I once read an article about MacArthur Fellows that highlighted their transnational and cross-sectoral life experiences. It affirmed my belief that our world’s increasingly complex problems are often solved by leaders who can transcend geographical borders, break down sectoral silos, and connect dots across fields and global communities in a way that others are challenged to do.
However, as a transnational and cross-sectoral bridge builder myself, I can attest that building “new boxes” that can hold solutions to our communities’ enduring issues is often a brutally challenging journey. My particular journey as an advocate for community-led structural change, spanning over three decades, has left me believing that social change should be led by communities, with communities, and for communities. At the same time, I’ve learned the hard way that most donor countries and philanthropic institutions that state their commitment to community-led development rarely put their money where their mouths are. It’s a reality check that leaves a bitter taste in the mouths of Black Indigenous People of Color (BIPOC) activists in the U.S. and all over the world. And being a woman always adds insult to injury, because no matter how much we women, and especially women of color, do the grunt work that allows critical change to take root (from President Biden’s election victory in the U.S. to Liberia’s peace process and the everyday victory of cities, towns and villages’ survival), we get discounted, underpaid, and marginalized thanks to the crushing grip of patriarchy.
Since my Haitian and international network and I led the launching of Fondation Communautaire Haitienne-Espwa, known internationally as the The Haiti Community Foundation, we’ve had to deal with no less than four disasters, from the 2010 Haiti Earthquake to Hurricane Matthew in 2016, to the Covid-19 pandemic in 2020 and now the 2021 Haiti Earthquake. Truth be told, our focus has been more on community-led development, community philanthropy, and nation building than disaster relief. However, when you live within a community, when you are close enough to hear its heartbeat and the yearnings of its soul, you cannot ignore the pain inflicted by the disasters that wrack its body.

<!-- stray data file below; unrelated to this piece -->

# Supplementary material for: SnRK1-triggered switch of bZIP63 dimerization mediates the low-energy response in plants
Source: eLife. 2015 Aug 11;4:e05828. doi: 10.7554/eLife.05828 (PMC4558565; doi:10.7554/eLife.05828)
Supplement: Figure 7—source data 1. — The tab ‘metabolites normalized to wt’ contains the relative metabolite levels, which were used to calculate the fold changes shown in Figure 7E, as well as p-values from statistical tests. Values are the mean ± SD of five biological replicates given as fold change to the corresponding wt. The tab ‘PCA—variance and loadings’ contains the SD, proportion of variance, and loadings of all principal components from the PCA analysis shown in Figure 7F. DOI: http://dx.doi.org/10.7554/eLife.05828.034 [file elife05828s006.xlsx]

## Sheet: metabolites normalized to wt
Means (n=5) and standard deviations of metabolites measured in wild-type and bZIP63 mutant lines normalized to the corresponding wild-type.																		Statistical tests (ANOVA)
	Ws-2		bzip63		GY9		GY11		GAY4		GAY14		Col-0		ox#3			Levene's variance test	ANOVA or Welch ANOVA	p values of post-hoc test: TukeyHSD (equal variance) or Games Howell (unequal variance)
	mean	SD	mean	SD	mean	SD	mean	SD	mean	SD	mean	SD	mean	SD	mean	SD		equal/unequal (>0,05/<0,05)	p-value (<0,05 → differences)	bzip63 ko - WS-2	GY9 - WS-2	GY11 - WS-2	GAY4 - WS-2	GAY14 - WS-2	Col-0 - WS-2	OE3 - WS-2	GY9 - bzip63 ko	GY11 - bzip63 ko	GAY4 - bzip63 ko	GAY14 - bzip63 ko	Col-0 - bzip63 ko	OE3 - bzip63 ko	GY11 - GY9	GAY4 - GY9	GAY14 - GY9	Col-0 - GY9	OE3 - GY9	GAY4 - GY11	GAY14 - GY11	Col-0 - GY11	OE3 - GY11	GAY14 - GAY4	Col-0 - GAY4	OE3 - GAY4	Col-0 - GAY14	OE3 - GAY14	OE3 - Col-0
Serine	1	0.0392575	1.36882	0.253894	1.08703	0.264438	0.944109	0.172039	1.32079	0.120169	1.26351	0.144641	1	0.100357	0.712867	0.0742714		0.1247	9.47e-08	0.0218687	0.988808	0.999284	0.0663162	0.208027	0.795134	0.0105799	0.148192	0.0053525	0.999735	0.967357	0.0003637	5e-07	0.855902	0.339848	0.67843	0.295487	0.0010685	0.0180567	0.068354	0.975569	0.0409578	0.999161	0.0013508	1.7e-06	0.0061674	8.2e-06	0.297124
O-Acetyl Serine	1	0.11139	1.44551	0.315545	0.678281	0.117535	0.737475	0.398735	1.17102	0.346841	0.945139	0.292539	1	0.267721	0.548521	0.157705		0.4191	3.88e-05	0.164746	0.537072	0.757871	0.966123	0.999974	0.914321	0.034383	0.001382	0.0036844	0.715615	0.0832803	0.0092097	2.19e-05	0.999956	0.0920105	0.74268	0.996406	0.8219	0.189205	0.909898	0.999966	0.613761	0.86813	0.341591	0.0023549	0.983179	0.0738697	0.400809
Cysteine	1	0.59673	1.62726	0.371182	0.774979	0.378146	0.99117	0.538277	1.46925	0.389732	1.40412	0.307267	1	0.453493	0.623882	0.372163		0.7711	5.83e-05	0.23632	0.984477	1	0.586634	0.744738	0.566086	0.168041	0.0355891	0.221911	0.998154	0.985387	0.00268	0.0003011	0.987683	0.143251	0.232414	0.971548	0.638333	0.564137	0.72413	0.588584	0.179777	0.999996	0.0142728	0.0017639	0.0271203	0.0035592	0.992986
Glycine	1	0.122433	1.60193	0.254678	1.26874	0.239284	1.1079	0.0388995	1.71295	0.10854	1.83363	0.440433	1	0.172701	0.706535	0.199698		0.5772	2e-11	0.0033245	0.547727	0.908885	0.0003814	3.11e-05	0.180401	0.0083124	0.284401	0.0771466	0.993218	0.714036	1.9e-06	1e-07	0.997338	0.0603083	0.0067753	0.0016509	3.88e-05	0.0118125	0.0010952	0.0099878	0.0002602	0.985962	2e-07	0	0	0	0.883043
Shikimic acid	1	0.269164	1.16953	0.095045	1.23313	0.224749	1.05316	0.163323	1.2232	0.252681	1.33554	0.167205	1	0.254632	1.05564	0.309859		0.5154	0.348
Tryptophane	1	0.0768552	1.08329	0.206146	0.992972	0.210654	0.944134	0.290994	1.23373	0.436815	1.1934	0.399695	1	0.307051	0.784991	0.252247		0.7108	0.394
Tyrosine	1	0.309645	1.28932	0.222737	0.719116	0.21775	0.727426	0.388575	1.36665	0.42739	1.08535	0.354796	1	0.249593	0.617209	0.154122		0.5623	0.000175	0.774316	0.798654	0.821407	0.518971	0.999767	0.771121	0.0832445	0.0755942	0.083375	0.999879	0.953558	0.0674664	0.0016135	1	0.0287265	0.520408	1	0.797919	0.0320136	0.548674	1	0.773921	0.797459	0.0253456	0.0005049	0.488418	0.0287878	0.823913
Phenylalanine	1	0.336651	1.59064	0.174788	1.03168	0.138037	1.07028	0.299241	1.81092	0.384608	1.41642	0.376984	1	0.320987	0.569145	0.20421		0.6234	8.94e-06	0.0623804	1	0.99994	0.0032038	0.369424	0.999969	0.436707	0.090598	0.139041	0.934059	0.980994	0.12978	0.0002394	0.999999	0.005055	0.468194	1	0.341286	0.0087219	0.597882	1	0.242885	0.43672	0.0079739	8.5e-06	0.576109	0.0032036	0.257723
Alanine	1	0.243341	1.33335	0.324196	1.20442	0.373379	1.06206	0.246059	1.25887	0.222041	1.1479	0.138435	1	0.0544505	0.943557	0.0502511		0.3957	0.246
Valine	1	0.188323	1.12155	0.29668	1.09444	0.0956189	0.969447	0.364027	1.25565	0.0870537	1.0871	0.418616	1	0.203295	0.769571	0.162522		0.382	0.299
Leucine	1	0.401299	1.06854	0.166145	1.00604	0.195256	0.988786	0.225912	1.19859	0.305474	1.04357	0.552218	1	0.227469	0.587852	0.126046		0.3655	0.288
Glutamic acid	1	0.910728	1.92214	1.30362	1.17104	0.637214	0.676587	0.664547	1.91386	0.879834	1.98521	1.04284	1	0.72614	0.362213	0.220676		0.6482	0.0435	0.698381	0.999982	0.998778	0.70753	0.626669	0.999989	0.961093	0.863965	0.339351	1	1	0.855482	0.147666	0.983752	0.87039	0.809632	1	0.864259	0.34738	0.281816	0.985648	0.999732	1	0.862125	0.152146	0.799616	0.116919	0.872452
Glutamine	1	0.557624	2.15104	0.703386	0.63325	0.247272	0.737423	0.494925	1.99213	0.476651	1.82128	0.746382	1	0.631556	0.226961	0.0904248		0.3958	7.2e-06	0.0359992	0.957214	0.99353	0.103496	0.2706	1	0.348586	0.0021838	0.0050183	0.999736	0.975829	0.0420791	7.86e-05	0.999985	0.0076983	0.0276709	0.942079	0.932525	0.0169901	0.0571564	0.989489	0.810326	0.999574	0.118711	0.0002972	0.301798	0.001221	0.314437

What have we learned over the years? Women, children, the elderly, and the handicapped are usually left behind by most international aid stakeholders who are unfamiliar with the topography and sociological patterns of local communities and who (to be blunt) are unwilling to learn them. As a result, the Haiti Community Foundation gives priority to single mothers, lactating mothers, and physically disabled community members who cannot get to the centers of towns where aid is distributed. We’ve been funding more women’s groups and we carefully nurture and support women leaders through our community representation policies not just because they are often not noticed by funders. More importantly, they know how to get things done and they are and know the heartbeat of their communities. We’ve also learned that disaster readiness and response is not a separate funding category but rather is just a regular part of life and good development.
Our community-led approach helped us to build a cross-sectoral community leaders network of over 1,000 leaders in the Grand Sud region that showed its priceless value as a human infrastructure after Hurricane Matthew and at the very onset of the 2021 Haiti Earthquake. Our network mobilized, brought life-saving water, medicines, and medical supplies to Pestel and Corail’s towns and villages that had lost 95% of their housing and 100% of their water distribution systems to the earthquake. We haven’t stopped helping and with other organizations and funders, we’re planning reconstruction and training leaders to respond to the next disaster.
The amazing support, solidarity, and endorsements that we have been receiving from international development, humanitarian and philanthropy leaders from all over the world has stunned us. Somehow, while we had been building our community-led institution the hard way and shifting the power to Haitian communities, the world had noticed our work. We’ve received a great number of donations as well as offers of support and partnerships with a gratitude tinged with incredulity. “It only took you a decade to gain the recognition for the great work that you’ve been doing all along” said my husband with his usual dry sense of humor. His comment hit a nerve. Young white do-gooders with no solid community experience seem to easily attract praise, support, and significant levels of financial resources while we experienced BIPOC community leaders toil in obscurity and struggle to access resources for our communities year after year.
In one of my other lives, I am the Director of Imago Dei Fund’s Girl Child Long Walk Project where, with a great team that includes co-authors Emily Nielsen Jones and Rev. Domnic Misolo, we’ve built and are launching a Fellowship working at the rare intersectional space of faith, gender, equality, and community-led development. We are very excited about the incredibly talented and diverse cohort of leaders and student fellows that we’ve attracted that include eleven women and three men from various African countries, the United States, Pakistan, and Brazil.
(If you are interested in learning more about the very brave work of faith-inspired change agents around the world to untangle contradictions at the nexus of their own faith tradition, culture, and gender norms, please consider joining our upcoming reading journey beginning in just a few weeks!)
During the interview of a candidate for the fellowship, I was reminded of why this work matters. “I wondered,” she said with a voice filled with Read More